Kiera was born to be a midwife. Her mother was a midwife and Kiera comes from a family of strong women. She believes in the power of female support and in the
privilege of being a part of one of the most important experiences of a woman’s life: the road to motherhood.
She loves the bond that is naturally born with the mothers and their families. She loves listening to the women, supporting them and educating them around their choices. Kiera has been qualified to work as a midwife for almost one year and she practices in the East of England. She has worked under Covid-19 for most of her young career.
The United Kingdom was slow in its response to Coronavirus. By mid July, the country had reported 45,878 deaths and 300,692 cases. However, the numbers seem to be flawed. A recent controversy sheds doubts on the UK’s data. Tired of the criticism, the country decided to rapidly release the numbers of tests, sometimes literally writing them by hand of spreadsheets. The stats had to be quick, not accurate. Often, tests had been double-counted and the English government had to admit its fault.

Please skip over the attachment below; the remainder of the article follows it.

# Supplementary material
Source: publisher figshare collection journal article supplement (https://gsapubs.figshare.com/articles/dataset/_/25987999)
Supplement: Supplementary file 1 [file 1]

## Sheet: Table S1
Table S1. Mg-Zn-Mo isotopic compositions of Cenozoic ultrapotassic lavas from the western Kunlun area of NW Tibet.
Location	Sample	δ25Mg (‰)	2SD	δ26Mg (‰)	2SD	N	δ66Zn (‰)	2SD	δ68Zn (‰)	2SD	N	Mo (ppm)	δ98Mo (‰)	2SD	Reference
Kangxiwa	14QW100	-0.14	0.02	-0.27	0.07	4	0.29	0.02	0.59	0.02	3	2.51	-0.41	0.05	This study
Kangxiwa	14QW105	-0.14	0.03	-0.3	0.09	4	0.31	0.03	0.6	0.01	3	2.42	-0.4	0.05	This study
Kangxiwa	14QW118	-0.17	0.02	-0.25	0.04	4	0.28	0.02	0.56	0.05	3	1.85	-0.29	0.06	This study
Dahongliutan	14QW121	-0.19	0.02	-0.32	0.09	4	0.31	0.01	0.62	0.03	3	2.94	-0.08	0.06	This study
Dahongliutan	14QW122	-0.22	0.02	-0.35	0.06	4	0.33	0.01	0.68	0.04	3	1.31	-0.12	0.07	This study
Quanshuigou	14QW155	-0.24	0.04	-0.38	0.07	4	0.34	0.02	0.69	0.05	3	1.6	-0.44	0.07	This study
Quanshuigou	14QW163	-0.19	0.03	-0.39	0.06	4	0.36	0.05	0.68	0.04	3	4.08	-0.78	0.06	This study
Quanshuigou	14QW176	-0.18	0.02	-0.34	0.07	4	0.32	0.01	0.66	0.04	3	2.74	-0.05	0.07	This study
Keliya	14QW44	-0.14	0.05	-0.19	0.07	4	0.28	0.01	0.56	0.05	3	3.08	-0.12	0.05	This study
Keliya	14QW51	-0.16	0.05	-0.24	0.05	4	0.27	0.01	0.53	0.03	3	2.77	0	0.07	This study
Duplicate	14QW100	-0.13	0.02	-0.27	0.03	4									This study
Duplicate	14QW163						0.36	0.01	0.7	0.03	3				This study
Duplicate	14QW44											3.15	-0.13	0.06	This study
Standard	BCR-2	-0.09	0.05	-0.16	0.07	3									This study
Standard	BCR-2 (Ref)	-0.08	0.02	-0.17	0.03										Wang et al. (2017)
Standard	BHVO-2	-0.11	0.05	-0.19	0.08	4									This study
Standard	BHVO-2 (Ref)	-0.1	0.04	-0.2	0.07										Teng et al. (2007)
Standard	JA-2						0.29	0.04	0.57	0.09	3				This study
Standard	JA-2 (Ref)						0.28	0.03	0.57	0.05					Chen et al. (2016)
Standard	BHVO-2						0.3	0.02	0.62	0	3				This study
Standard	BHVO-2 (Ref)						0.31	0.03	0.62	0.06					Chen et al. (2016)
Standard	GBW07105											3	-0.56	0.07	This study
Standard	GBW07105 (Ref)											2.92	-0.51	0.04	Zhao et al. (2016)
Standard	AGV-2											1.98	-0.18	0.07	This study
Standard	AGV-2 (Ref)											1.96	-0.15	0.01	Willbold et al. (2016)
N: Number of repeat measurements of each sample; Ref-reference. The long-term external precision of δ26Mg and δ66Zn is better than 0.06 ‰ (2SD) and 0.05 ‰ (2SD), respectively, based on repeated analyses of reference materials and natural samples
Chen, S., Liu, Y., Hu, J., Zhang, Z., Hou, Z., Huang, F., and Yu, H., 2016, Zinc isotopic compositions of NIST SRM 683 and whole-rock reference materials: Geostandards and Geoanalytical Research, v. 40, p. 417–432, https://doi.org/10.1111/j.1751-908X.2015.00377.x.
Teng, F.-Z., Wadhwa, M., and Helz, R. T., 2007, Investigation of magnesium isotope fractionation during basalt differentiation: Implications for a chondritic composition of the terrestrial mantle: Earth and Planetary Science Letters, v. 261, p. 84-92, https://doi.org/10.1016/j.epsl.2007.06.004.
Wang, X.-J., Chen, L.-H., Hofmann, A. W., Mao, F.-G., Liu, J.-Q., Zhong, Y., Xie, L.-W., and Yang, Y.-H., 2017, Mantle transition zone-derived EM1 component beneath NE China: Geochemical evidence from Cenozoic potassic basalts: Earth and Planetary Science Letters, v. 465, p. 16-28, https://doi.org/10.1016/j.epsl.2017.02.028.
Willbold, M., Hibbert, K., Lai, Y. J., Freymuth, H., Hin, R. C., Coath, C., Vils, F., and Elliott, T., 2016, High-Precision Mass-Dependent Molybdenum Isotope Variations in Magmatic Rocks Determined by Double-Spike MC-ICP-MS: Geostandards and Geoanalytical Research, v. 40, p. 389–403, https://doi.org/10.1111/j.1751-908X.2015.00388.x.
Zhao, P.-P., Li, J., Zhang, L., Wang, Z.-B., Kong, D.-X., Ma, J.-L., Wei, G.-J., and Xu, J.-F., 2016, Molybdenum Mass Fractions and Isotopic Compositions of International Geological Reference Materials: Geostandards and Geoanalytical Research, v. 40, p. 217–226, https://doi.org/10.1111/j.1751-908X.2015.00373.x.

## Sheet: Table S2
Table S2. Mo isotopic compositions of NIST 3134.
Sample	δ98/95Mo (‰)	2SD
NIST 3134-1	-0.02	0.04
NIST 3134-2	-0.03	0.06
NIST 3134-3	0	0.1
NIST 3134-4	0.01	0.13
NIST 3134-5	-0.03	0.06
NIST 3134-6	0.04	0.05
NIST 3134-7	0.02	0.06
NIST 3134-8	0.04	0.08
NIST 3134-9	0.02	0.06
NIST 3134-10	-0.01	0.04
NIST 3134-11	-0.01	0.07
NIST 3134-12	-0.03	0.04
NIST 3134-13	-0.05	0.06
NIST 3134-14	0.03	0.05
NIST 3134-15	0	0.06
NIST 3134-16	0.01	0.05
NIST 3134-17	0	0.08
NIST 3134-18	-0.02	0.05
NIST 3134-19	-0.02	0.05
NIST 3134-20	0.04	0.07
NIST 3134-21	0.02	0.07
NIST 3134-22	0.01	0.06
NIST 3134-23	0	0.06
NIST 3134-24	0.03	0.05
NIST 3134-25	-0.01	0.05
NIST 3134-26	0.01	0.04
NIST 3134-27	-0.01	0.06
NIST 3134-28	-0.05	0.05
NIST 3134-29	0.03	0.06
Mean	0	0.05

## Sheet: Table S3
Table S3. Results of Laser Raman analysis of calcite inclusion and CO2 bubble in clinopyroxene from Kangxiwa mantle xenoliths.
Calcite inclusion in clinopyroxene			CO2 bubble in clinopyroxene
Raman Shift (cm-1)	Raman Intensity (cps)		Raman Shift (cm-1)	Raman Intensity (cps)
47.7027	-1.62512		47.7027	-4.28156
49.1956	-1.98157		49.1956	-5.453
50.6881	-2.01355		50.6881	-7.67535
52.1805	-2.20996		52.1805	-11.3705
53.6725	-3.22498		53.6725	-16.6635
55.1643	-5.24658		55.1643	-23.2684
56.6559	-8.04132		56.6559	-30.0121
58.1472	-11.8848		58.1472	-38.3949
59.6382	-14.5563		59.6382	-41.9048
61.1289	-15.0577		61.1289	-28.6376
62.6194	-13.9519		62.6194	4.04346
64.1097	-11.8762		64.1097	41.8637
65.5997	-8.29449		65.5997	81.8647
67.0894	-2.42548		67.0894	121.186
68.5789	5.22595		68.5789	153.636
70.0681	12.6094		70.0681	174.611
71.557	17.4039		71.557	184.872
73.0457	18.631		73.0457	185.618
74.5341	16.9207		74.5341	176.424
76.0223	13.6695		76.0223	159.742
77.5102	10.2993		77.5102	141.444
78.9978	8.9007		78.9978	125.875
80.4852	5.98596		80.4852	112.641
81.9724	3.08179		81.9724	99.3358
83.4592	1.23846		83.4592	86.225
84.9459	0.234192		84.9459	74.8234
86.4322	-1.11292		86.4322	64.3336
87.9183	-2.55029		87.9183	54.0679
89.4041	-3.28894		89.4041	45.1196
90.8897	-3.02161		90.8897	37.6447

This failure makes Kiera’s job more difficult.
“There was a sense of underlying fear, almost the calm before the storm. We had no experience of dealing with something like this, so had no idea of what to expect,” said Kiera.
Hospitals can’t identify their full exposure and they are using universal precautions for all women. But healthcare workers aren’t exempt from this new, Covid-19 reality. Kiera’s colleagues moved out of their homes and they stayed away from families, afraid of bringing the virus home. The staff and protective personal equipment (PPE) shortage, the increased administrative work, and the lack of normal social interactions: Coronavirus caused disruption in the hospital.
Safety was on everyone’s mind although it is impossible to maintain social distance while caring for a woman in labor and during childbirth. Midwives can’t social distance, since they are used to holding hands and providing counter pressure. And masks didn’t help.
“We rely on our facial expressions to provide reassurance to women and their families, “ says Kiera, “a small smile can go a long way, I often forget that women can’t see the smile behind my mask.”